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Chapter 39. Server Programming Interface

Table of Contents
Interface Functions
Interface Support Functions
Memory Management
Visibility of Data Changes
Examples

The Server Programming Interface (SPI) is an attempt to give users the ability to run SQL queries inside user-defined C functions. Given the lack of a proper Procedural Language (PL) in the current version of Postgres, SPI is the only way to write server-stored procedures and triggers. In the future SPI will be used as the "workhorse" for a PL.

In fact, SPI is just a set of native interface functions to simplify access to the Parser, Planner, Optimizer and Executor. SPI also does some memory management.

To avoid misunderstanding we'll use function to mean SPI interface functions and procedure for user-defined C-functions using SPI.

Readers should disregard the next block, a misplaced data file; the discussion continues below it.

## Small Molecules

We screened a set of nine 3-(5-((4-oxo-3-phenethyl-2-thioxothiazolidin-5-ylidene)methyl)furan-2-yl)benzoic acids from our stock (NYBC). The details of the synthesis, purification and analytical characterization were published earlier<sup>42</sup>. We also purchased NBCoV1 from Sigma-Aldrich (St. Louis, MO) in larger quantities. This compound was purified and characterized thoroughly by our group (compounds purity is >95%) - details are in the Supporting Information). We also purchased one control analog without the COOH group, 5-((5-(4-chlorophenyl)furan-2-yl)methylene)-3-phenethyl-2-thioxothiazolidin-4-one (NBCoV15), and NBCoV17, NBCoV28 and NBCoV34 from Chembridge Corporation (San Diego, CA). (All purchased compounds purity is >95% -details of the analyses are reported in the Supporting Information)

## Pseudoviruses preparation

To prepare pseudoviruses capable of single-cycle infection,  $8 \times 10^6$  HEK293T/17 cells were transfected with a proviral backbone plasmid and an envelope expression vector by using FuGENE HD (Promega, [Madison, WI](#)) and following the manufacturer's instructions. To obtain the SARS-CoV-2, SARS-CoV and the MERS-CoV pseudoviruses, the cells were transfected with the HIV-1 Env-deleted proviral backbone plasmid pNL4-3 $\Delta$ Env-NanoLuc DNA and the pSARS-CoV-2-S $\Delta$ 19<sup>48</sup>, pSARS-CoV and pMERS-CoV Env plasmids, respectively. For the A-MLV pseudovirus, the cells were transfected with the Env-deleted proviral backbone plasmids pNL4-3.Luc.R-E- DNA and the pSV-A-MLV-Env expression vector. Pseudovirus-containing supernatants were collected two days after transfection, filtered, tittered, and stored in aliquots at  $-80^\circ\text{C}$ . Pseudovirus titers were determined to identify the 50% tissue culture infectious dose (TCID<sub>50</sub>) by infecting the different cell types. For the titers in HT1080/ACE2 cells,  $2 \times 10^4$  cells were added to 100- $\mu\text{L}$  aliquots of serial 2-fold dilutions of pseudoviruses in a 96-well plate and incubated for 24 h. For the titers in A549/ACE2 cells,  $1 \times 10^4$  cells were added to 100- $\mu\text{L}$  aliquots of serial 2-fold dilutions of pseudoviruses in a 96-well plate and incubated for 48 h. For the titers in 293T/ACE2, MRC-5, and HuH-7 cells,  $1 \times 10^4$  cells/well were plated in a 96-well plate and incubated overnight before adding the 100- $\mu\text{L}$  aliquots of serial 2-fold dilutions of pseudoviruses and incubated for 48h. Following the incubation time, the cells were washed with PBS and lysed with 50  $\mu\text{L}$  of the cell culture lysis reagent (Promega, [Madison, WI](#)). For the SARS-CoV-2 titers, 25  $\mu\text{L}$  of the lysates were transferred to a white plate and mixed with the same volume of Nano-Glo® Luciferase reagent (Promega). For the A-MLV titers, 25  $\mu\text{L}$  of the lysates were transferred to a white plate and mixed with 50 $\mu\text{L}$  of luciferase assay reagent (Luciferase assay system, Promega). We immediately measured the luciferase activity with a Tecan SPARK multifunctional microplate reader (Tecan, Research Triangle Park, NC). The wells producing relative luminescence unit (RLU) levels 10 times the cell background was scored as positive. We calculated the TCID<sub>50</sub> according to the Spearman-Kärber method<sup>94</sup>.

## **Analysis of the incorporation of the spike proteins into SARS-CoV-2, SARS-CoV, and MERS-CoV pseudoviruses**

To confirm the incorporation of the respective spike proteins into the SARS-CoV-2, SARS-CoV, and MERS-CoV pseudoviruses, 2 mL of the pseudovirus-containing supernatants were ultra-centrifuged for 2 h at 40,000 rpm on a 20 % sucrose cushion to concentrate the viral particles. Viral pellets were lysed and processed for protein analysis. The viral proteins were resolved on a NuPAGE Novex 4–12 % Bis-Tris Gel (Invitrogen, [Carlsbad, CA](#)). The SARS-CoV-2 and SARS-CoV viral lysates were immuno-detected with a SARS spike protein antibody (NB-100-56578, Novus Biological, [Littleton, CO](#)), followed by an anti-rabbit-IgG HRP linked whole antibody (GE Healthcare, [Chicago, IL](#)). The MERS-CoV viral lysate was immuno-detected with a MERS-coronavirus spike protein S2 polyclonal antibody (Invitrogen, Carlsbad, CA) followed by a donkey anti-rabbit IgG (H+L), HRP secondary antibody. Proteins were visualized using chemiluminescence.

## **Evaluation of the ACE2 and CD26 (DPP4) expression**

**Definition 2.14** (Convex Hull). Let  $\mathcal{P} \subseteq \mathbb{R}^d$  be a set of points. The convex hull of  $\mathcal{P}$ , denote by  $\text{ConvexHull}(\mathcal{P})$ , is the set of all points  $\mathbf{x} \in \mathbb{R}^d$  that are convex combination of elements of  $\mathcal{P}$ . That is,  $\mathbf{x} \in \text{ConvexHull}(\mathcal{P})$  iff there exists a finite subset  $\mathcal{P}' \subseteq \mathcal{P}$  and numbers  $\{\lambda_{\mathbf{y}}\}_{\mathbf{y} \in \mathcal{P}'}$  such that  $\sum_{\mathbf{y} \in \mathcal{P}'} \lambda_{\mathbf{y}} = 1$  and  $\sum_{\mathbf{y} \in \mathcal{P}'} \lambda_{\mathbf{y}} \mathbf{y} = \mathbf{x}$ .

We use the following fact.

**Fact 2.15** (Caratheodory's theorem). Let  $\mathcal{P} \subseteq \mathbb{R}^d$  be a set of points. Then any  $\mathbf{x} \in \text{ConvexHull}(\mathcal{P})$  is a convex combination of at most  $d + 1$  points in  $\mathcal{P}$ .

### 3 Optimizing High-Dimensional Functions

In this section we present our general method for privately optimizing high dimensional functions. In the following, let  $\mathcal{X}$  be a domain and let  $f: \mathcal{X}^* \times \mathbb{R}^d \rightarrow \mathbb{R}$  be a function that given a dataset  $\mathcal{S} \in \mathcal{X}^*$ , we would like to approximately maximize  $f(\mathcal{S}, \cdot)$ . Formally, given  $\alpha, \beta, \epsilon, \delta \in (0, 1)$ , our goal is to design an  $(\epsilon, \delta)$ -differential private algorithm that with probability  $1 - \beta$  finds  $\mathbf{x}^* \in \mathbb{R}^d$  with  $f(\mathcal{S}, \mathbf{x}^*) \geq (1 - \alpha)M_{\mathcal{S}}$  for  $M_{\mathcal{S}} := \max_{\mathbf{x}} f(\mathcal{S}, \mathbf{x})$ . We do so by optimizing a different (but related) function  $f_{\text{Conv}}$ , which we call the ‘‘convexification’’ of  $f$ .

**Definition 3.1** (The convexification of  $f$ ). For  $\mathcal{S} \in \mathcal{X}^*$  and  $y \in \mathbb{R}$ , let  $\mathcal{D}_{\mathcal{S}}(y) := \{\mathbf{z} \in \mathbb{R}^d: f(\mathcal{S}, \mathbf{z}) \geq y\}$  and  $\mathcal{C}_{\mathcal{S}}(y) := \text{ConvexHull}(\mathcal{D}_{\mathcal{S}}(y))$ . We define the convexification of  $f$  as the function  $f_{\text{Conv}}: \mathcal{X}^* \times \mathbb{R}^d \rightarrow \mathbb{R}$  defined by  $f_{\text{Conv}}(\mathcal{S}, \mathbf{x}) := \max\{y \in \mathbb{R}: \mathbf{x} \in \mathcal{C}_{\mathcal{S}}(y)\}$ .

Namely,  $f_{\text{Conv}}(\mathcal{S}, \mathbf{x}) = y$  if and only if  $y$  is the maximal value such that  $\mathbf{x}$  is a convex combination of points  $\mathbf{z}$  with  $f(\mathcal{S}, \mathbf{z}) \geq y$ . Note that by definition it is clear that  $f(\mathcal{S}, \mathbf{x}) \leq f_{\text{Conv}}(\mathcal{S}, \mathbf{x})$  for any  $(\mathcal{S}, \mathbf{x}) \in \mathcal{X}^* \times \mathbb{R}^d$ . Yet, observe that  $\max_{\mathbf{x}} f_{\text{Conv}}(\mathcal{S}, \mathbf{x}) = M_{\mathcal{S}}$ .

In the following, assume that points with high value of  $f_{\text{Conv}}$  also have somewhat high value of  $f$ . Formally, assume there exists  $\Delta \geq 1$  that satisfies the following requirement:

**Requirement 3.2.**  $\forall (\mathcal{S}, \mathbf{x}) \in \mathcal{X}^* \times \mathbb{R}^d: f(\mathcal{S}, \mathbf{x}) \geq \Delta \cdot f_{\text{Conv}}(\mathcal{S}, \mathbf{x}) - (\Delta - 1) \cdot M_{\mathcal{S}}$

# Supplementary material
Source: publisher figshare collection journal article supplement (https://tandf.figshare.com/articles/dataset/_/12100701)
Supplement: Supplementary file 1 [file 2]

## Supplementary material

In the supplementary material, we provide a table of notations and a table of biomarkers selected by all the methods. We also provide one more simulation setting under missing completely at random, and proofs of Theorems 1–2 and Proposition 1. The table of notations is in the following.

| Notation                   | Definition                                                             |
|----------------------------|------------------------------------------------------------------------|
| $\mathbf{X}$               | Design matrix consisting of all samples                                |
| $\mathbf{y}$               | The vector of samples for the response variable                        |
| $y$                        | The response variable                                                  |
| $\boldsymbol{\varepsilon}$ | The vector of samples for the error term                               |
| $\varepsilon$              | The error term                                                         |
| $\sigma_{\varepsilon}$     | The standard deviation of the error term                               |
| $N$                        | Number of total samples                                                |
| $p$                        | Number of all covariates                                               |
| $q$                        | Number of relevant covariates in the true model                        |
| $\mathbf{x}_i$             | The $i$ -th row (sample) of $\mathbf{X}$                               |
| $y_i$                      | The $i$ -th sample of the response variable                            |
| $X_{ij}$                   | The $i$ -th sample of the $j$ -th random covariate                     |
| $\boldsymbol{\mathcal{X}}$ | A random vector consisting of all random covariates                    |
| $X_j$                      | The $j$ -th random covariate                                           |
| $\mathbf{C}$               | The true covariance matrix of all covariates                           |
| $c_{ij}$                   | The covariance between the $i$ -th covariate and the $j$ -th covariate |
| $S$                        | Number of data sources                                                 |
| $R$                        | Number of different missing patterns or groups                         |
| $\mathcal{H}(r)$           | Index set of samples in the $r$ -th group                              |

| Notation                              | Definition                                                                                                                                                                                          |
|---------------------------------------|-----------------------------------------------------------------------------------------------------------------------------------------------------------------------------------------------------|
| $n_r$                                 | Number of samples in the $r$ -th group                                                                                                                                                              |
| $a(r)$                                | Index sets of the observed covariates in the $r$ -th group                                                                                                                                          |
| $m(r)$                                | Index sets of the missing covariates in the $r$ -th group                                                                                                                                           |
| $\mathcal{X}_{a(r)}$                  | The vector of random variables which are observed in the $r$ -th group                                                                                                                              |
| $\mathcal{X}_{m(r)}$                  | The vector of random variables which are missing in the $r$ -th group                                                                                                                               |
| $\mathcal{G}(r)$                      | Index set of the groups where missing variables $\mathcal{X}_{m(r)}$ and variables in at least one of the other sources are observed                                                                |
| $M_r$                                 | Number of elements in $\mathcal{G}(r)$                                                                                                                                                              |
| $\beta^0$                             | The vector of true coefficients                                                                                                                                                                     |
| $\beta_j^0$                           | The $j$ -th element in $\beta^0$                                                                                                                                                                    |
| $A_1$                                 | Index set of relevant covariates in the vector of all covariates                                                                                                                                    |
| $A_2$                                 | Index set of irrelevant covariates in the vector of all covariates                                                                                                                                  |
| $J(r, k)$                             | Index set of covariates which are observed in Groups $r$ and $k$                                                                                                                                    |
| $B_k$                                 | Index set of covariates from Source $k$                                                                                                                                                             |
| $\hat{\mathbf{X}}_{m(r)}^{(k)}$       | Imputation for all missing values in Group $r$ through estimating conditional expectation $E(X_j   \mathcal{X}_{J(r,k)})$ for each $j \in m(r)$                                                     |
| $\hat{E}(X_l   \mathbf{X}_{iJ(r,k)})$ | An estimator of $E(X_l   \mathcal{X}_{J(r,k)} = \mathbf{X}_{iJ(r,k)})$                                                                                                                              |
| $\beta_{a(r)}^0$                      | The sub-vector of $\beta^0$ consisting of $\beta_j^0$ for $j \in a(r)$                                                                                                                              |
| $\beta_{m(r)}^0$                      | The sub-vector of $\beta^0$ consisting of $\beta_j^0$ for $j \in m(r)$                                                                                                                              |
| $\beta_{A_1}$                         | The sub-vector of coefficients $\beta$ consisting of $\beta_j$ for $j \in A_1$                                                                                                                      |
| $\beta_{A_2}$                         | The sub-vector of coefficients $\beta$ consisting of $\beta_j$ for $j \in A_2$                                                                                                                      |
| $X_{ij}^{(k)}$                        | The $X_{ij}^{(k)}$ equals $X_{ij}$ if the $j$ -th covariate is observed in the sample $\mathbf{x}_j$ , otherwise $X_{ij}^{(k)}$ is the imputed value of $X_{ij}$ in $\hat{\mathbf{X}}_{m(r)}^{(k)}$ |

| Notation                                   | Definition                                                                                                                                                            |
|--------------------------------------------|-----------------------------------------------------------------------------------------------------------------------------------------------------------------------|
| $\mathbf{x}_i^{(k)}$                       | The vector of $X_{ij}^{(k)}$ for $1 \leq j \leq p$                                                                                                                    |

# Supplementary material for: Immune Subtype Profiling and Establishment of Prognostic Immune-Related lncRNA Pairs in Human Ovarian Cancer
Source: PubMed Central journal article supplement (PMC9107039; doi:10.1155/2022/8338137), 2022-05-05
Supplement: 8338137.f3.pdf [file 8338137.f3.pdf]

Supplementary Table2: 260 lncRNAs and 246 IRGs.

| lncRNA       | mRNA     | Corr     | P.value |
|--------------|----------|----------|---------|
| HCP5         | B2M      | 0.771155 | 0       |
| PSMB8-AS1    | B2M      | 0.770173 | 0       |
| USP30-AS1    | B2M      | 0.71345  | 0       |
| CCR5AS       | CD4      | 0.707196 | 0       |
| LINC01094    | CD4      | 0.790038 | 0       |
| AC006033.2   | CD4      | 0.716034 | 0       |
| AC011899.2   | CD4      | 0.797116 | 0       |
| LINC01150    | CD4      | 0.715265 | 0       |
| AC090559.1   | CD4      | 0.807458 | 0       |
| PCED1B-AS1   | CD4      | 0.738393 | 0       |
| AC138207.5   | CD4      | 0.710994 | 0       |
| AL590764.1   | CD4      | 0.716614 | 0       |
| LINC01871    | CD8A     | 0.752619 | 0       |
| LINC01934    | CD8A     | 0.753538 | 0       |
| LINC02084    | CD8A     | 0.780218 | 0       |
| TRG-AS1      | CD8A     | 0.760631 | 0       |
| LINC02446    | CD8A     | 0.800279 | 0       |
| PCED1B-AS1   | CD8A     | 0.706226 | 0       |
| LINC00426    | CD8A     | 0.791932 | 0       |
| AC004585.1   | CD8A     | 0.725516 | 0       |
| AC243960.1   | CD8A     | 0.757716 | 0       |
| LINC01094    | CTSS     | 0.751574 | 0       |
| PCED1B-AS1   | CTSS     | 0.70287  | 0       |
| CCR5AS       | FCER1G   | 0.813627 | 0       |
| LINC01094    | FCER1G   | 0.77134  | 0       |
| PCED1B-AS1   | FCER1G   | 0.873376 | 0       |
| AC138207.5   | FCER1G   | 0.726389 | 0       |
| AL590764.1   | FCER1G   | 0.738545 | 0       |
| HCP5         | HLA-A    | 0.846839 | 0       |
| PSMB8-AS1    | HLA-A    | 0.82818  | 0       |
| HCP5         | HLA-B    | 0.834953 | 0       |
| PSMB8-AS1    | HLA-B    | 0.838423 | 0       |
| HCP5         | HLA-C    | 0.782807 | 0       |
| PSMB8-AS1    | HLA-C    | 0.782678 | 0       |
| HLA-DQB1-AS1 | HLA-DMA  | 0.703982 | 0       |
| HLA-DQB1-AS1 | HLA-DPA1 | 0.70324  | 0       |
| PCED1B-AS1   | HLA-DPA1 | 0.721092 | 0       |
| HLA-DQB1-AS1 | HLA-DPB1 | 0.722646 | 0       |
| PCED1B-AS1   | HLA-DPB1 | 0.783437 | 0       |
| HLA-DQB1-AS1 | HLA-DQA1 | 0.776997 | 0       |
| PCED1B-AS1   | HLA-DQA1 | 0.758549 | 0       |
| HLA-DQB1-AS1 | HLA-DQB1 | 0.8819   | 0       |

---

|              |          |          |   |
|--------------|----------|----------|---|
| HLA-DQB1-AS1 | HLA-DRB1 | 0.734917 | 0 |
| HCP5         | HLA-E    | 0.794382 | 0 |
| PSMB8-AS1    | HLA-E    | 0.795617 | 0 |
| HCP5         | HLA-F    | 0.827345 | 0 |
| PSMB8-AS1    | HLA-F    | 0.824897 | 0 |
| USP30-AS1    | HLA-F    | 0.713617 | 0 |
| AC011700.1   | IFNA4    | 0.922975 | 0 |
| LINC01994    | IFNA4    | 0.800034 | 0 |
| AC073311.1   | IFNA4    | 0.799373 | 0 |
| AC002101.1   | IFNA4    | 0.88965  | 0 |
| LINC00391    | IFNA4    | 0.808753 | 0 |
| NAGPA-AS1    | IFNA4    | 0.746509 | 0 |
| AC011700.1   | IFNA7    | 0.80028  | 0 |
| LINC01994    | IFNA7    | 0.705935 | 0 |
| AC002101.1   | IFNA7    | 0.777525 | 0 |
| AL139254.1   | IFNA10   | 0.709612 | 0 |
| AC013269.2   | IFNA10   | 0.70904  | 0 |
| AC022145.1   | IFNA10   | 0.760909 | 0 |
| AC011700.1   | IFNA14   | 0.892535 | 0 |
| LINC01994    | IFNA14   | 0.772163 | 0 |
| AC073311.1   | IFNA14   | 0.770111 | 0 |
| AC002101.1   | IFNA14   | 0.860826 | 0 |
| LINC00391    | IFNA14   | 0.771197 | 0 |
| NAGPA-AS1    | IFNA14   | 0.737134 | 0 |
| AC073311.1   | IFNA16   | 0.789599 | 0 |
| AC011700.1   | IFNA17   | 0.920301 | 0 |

SPI procedures are always called by some (upper) Executor and the SPI manager uses the Executor to run your queries. Other procedures may be called by the Executor running queries from your procedure.

Note, that if during execution of a query from a procedure the transaction is aborted then control will not be returned to your procedure. Rather, all work will be rolled back and the server will wait for the next command from the client. This will be changed in future versions.

Other restrictions are the inability to execute BEGIN, END and ABORT (transaction control statements) and cursor operations. This will also be changed in the future.

If successful, SPI functions return a non-negative result (either via a returned integer value or in SPI_result global variable, as described below). On error, a negative or NULL result will be returned.


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